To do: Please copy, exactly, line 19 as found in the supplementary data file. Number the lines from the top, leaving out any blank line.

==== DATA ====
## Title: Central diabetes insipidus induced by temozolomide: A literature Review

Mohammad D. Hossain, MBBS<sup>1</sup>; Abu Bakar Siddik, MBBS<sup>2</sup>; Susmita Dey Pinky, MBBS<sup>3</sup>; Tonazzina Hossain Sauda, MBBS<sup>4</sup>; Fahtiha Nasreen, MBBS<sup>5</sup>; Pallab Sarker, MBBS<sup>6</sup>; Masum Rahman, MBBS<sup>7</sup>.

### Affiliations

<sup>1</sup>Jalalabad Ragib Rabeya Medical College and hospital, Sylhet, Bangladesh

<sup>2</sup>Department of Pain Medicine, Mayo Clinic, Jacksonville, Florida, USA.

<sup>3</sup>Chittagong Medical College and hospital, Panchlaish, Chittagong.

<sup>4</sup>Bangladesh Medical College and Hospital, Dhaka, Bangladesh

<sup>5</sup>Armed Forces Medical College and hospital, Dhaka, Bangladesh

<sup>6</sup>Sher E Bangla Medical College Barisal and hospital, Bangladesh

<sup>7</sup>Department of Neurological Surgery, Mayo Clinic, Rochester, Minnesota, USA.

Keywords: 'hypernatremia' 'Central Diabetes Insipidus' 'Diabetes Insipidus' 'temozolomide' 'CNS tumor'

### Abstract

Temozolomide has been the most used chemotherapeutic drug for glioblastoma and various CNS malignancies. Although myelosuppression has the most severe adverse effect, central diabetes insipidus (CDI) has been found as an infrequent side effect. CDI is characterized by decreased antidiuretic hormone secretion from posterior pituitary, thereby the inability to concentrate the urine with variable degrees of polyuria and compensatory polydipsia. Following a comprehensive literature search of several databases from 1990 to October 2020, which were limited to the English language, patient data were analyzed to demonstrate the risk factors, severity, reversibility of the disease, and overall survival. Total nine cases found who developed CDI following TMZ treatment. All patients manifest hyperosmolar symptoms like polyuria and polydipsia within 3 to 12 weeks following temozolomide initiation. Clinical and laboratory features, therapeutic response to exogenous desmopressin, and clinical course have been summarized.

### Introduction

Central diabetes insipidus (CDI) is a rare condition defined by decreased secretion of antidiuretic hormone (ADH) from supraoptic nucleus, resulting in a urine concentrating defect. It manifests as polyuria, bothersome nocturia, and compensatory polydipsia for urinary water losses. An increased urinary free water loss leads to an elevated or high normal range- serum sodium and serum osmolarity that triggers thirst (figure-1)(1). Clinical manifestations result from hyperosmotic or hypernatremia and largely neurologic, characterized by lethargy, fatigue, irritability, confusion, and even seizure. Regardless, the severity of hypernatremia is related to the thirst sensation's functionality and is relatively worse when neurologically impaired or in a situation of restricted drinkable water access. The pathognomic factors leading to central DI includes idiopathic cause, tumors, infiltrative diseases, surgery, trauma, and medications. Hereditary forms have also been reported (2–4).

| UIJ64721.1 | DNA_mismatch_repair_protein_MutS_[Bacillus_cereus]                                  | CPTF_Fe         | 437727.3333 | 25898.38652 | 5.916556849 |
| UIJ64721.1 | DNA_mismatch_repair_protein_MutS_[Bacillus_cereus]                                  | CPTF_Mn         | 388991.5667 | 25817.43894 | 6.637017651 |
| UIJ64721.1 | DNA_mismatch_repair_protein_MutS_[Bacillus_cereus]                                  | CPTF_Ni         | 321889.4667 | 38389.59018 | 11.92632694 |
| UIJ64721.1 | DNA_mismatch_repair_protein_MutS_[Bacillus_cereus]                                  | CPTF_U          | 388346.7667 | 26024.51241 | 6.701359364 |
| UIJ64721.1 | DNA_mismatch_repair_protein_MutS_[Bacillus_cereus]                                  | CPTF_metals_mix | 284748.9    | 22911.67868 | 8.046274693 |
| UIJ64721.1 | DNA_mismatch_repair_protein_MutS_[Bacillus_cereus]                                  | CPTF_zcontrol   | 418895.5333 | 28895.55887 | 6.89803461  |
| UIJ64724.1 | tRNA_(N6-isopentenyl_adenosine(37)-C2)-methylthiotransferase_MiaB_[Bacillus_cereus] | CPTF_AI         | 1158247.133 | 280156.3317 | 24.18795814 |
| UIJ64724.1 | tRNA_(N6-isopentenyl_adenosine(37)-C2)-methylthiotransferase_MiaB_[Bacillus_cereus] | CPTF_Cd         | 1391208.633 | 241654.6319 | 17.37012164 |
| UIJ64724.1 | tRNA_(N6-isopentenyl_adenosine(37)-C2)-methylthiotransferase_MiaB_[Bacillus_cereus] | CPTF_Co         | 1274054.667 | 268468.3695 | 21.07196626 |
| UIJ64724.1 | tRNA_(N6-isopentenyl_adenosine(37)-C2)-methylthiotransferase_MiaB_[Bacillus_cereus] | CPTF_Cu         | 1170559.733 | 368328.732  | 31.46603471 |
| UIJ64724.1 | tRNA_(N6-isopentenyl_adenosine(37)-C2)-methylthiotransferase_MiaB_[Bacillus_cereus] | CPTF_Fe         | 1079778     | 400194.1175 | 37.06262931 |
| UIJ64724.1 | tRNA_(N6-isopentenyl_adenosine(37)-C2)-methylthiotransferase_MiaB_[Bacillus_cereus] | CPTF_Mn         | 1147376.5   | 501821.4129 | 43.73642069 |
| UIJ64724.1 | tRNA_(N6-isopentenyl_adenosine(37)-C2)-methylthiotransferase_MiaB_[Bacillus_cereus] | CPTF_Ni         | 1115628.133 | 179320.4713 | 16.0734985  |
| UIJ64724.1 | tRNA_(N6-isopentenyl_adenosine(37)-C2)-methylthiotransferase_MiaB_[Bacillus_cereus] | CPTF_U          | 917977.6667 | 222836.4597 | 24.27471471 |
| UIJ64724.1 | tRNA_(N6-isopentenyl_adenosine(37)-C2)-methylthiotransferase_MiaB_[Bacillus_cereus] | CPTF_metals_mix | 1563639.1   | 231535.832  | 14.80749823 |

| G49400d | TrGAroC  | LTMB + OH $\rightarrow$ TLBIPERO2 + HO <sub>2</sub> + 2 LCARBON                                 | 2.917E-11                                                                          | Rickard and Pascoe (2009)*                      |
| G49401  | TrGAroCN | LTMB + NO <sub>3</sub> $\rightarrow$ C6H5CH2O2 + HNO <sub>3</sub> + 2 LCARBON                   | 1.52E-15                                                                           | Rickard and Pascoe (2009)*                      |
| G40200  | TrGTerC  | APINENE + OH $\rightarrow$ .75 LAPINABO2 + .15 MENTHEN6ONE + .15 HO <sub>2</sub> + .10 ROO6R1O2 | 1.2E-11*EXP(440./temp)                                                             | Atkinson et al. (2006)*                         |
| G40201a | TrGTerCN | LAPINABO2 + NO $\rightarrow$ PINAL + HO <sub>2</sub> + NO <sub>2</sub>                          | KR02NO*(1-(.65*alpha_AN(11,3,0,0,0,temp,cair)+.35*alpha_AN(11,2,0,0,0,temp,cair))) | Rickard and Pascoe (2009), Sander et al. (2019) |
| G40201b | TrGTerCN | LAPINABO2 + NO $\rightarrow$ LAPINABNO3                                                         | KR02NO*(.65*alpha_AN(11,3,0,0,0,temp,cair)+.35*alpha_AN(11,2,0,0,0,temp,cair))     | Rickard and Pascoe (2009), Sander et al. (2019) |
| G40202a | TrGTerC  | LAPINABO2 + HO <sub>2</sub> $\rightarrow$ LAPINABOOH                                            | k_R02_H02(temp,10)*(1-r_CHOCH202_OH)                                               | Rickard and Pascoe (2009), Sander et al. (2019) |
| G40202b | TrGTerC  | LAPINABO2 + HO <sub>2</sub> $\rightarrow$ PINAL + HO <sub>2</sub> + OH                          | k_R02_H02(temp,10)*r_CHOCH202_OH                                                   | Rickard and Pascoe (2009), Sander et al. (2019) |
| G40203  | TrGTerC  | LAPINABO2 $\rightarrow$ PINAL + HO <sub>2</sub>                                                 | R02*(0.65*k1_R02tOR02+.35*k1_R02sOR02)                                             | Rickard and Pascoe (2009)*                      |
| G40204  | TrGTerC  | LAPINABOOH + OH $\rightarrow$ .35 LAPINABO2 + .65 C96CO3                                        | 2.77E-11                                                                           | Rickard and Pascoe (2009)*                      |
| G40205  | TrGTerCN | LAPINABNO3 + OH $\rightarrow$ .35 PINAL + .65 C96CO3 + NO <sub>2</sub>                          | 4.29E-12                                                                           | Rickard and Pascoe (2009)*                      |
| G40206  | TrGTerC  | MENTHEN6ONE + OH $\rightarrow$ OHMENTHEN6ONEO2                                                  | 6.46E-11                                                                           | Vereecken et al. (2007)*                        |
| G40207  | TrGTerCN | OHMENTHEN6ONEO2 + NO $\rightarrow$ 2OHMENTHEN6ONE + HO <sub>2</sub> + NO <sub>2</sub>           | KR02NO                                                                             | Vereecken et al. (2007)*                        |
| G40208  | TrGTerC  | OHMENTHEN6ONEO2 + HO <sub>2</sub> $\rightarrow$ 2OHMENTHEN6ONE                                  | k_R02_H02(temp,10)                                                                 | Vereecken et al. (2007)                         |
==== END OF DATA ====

| UIJ64721.1 | DNA_mismatch_repair_protein_MutS_[Bacillus_cereus]                                  | CPTF_U          | 388346.7667 | 26024.51241 | 6.701359364 |